Mr. Sadr, best known to Americans as the thuggish militia leader who for years after the United States invasion fought and killed Americans, has become a pro-Arab, anti-Iranian nationalist. He is running his own coalition, which, like Mr. Abadi’s, is cross-sectarian. It includes Sunni leaders who welcome Mr. Sadr’s anti-Iran message.
Politicians close to Mr. Abadi had been in exploratory talks with Mr. Sadr’s followers about joining with them in a possible coalition. It is not clear why those talks foundered, but Sadrists say their leader was angered by Mr. Abadi’s alliance with the pro-Iranian militia leaders.
Even Mr. Abadi’s closest advisers now concede that that alliance was a serious tactical error, which they attribute to the overwhelming task of setting up a new political entity on short deadline.
Registration for the election ended Jan. 15.
“We did not have time to finalize who our main partners would be, what we stand for and what we all agree with,” said Ali al-Adiib, a member of Parliament close to Mr. Abadi. “We are discussing all these things now.”
Some analysts say the prime minister’s reputation may be forever tarnished.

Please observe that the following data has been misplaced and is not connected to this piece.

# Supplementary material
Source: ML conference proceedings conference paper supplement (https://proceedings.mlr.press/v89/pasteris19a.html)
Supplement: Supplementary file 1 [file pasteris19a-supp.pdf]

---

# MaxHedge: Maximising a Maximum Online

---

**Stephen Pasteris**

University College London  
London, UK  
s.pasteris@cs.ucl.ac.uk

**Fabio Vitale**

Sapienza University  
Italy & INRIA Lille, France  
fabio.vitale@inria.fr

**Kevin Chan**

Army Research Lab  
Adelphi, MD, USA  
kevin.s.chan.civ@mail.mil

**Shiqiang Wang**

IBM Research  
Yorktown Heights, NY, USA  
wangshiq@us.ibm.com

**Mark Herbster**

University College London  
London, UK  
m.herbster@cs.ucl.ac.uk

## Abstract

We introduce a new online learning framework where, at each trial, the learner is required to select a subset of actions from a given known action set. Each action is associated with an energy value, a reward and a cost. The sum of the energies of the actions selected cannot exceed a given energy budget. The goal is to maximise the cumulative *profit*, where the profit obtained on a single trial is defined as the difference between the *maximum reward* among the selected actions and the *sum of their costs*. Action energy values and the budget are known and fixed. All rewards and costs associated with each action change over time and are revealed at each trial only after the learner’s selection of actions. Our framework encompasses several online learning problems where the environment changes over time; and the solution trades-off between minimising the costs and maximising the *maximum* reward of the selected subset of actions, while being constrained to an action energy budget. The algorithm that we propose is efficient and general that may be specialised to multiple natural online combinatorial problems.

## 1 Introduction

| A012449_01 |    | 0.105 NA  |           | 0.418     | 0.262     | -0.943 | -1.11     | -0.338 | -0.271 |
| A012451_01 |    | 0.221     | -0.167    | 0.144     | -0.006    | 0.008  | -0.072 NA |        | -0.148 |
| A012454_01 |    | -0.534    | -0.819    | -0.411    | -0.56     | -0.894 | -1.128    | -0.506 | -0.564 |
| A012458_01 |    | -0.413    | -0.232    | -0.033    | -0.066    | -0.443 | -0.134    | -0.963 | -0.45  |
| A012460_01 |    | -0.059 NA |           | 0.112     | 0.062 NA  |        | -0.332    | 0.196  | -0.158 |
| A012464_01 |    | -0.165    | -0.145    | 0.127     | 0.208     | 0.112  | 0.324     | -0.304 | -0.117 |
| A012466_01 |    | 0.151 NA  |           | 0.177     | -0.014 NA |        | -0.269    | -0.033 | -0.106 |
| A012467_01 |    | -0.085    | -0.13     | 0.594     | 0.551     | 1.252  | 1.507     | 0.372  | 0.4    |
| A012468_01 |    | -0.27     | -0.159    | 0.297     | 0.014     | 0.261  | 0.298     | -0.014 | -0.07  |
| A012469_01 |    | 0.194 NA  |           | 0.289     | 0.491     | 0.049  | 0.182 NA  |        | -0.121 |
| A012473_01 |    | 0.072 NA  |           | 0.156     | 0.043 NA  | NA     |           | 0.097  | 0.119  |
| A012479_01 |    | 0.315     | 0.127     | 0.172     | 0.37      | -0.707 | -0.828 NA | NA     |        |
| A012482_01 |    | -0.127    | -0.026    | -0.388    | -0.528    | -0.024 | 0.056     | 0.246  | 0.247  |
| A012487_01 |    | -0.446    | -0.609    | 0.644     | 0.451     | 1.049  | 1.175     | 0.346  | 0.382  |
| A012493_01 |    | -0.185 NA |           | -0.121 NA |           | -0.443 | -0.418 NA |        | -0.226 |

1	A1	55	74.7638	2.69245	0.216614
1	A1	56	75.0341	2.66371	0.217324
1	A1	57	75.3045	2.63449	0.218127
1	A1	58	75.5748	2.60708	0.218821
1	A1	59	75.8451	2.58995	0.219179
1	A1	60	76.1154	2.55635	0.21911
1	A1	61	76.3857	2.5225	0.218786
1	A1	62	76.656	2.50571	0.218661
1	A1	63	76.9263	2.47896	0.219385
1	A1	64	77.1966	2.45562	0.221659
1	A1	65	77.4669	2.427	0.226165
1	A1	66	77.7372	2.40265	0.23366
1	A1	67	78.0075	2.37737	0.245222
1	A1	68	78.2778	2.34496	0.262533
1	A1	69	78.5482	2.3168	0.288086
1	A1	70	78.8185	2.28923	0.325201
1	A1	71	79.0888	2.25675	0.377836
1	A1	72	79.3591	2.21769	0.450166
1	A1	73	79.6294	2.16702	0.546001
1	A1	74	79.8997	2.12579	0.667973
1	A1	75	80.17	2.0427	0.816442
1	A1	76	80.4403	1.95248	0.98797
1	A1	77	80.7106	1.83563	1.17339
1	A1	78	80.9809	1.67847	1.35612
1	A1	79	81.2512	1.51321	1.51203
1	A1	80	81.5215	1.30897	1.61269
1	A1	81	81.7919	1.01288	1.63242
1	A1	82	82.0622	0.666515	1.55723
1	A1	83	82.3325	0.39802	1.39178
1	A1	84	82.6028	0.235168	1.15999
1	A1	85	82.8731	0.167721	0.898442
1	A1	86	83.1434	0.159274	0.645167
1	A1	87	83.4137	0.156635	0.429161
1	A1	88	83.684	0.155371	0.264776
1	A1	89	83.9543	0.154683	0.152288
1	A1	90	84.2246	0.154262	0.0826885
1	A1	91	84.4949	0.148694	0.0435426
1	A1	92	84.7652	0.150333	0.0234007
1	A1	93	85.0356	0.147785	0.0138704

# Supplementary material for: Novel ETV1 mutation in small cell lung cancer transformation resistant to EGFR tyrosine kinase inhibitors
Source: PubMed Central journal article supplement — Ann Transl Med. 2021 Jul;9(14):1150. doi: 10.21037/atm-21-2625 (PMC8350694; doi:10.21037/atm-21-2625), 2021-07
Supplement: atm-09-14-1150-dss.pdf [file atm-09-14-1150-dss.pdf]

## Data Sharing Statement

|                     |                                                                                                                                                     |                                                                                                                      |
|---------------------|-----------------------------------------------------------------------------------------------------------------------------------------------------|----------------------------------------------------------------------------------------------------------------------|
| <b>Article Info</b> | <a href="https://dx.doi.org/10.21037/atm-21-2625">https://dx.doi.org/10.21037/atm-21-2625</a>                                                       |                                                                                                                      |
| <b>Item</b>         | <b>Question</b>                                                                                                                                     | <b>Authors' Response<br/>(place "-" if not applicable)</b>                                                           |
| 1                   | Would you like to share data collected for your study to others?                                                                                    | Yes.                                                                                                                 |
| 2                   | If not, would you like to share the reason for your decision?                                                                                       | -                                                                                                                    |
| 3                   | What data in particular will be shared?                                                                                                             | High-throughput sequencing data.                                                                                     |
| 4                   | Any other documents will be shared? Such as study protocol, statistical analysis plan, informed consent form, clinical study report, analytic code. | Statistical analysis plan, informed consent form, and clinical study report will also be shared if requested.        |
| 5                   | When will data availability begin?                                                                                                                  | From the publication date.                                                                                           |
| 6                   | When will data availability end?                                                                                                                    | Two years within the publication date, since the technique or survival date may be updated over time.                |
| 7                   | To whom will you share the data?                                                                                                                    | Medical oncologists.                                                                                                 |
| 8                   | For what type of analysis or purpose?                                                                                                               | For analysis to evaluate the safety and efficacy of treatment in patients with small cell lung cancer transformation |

“The latest developments undermine the view in Washington that Mr. Abadi is a bulwark against sectarian forces with strong links to Iran,” wrote Hassan Hassan, a counterterrorism author, in an opinion piece published in The National, a newspaper based in Abu Dhabi, in the United Arab Emirates.
Others say it’s too early to make predictions this far in advance given Iraq’s unpredictable security climate.
One way Mr. Abadi could bolster his reputation, especially among Iraq’s Sunnis, is a successful performance at an international donor’s conference next month in which his government is hoping to attract hundreds of billions of dollars in aid to rebuild the mostly Sunni cities destroyed during military operations against the Islamic State.
The United Nations estimates that around 2.6 million Iraqis, mostly Sunni Arabs, remain displaced after the fighting and devastation of their towns.
Leading Sunni and Kurdish lawmakers argued last week to delay the election, saying that a fair vote would be impossible because so many Iraqis were still scattered and their regions lacked the infrastructure for a vote.
On Jan. 21, Iraq’s Supreme Court ruled that a delay would be unconstitutional.
Wathiq al-Hashimi, the head of the Iraqi Group for Strategic Studies, believes that, despite the challenges, Mr. Abadi has the best chances of victory for a simple reason: the optimism he restored to Iraqis after beating back the Islamic State.
“The path for Abadi’s second term will be one strewn with flowers,” he said.